(We challenge you to do these history activities each week! If you decide to do the challenge, share it with us through our Facebook and Instagram pages and use the hashtag #HistoryisAliveChallenge.
This weeks lesson will be on; Colonial Virginia: Daily Life, Clothing, and Children
Words you need to know:
Laborer- a person doing unskilled manual work for wages.
Tilling- prepare and cultivate (land) for crops.
Middle Class- the social group between the upper and working classes, including professional and business workers and their families.
Tradesmen- refers to a worker who specializes in a particular occupation that requires work experience, on-the-job training, and often formal vocational education.
Apprentice- a person who is learning a trade from a skilled employer, having agreed to work for a fixed period at low wages.
Whirligig- a toy that spins around, for example, a top or a pinwheel.
Tongue Twister- a sequence of words or sounds, typically of an alliterative kind, that are difficult to pronounce quickly and correctly.
Activity #1: There were two main types of living in Colonial times. Farm life and City life.
A typical day on the farm started early in the morning as soon as the sun began to rise. Farmers needed to take advantage of every minute of daylight to get their work complete. The family would have a quick breakfast of porridge and beer and then everyone would go to work.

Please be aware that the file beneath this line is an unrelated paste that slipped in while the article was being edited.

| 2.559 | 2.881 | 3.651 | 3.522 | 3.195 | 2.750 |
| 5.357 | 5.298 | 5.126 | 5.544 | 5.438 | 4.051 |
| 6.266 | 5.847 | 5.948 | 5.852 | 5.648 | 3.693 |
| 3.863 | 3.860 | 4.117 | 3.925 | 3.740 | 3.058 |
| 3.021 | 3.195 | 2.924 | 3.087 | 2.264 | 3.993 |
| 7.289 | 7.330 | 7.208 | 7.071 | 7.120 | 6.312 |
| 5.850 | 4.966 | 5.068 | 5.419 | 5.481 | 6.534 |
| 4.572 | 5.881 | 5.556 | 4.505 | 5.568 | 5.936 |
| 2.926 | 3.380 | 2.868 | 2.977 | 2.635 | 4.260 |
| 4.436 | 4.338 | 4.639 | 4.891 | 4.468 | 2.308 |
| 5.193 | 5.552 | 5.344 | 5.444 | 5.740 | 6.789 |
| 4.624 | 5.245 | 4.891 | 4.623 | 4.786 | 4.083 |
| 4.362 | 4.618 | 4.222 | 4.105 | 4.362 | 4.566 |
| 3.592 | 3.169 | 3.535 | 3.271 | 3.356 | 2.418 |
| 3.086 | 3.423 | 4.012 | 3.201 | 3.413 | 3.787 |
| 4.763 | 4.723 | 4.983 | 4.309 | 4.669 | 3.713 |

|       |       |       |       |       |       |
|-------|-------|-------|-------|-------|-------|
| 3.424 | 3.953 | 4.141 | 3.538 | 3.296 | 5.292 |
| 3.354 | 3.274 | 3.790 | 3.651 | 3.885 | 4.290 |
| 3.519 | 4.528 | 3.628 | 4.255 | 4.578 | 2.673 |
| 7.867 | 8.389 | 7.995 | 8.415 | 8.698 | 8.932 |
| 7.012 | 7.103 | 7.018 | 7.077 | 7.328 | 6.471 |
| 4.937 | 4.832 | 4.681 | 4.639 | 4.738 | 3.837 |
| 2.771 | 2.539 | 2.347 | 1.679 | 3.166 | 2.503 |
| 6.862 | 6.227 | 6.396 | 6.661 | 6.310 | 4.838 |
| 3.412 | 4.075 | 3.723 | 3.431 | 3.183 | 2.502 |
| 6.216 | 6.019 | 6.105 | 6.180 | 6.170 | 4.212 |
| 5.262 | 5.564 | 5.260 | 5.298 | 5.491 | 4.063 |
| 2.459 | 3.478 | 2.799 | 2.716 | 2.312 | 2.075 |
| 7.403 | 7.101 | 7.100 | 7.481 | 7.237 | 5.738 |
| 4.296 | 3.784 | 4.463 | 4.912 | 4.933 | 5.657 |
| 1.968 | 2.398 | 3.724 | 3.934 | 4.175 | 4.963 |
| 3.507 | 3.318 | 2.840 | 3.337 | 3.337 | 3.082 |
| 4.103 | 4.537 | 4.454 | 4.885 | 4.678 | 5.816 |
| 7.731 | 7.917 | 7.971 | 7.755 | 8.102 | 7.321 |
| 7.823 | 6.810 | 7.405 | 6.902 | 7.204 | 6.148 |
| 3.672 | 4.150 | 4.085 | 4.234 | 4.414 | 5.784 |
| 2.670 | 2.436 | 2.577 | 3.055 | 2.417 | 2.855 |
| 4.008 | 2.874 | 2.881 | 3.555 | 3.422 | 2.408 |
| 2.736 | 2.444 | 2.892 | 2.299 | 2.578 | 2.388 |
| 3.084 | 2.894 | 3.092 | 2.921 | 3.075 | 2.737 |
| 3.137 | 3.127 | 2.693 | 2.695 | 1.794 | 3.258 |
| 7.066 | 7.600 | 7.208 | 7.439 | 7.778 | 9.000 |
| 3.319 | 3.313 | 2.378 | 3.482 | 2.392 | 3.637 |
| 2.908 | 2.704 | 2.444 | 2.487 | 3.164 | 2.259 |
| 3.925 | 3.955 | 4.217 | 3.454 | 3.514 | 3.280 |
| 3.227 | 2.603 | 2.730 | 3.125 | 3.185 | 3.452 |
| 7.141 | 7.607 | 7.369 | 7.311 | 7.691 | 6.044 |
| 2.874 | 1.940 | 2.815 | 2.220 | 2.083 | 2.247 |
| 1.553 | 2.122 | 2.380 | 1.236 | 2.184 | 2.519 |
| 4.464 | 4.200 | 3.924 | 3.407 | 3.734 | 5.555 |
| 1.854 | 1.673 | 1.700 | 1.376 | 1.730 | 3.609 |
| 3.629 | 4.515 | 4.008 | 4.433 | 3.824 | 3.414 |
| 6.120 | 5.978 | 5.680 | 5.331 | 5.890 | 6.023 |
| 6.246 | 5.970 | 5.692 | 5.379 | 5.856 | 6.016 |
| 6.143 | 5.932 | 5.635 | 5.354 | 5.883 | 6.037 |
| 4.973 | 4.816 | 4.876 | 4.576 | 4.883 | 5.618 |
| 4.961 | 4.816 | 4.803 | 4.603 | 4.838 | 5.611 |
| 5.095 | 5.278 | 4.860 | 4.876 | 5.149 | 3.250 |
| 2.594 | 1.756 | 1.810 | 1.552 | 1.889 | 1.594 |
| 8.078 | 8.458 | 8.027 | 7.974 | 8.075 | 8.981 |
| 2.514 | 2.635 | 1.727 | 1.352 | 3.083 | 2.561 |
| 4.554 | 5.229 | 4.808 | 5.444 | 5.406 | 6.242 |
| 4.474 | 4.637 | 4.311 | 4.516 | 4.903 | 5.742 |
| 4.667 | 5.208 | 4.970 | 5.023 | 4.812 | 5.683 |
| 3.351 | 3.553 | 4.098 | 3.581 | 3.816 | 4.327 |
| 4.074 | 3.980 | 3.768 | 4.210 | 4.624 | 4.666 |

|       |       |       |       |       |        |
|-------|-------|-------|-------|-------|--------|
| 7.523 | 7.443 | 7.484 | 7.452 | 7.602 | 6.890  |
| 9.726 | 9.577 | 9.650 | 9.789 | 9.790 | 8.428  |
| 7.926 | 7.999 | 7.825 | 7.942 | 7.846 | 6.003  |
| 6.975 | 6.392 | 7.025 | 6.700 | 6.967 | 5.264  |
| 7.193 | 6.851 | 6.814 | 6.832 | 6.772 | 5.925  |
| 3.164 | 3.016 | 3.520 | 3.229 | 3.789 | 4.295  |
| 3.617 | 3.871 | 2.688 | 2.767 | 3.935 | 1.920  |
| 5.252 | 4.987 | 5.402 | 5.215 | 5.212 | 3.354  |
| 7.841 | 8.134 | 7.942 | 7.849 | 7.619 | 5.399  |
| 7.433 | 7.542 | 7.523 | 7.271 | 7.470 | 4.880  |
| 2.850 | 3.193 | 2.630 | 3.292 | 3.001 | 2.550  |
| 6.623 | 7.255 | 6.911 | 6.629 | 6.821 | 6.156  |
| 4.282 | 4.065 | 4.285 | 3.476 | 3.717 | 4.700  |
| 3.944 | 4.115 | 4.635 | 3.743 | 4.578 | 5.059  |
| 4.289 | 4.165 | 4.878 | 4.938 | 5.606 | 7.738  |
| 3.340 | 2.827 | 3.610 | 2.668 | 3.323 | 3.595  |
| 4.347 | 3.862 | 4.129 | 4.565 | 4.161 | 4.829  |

The men worked outside on the farm and the fields. What they did depended on the time of year. During the spring they would be tilling and planting the fields. They had to do all the work by hand or with the help of an ox or horse. During the fall they had to gather the harvest. The rest of the time they tended the fields, took care of their livestock, chopped wood, fixed fences, and repaired the house. There was always more work to do.
The women worked every bit as hard as the men. They prepared the meals, sewed and mended the clothing, made candles, managed the garden, prepared food for the winter, wove cloth, and raised the children.
The children were put to work as soon as they were able. In many ways children were seen as laborers for the family. The boys helped the father with his work and the girls helped their mother. This way they also learned the skills they would need when they grew up.
The city was the home to many people of the "middling class." These were people who were not poor farmers, but were also not members of the very wealthy gentry class. They consisted of tradesmen (blacksmiths, tailors, coopers, etc.) and professionals (merchants, lawyers, doctors, etc.). Although these people were better off than the average poor farmer, they still worked very hard from sunrise to sunset each day.
Many people working in the cities were tradesmen who had very specific skills. Examples of tradesmen include blacksmiths, tailors, coopers, wheelwrights, and shoemakers. Tradesmen spent their lives learning a skill. Young boys would become apprentices at the age of six or seven years old and would work the next seven or so years learning the trade. Upon finishing their apprenticeship they would become journeymen. Journeymen still worked for a master, but earned wages.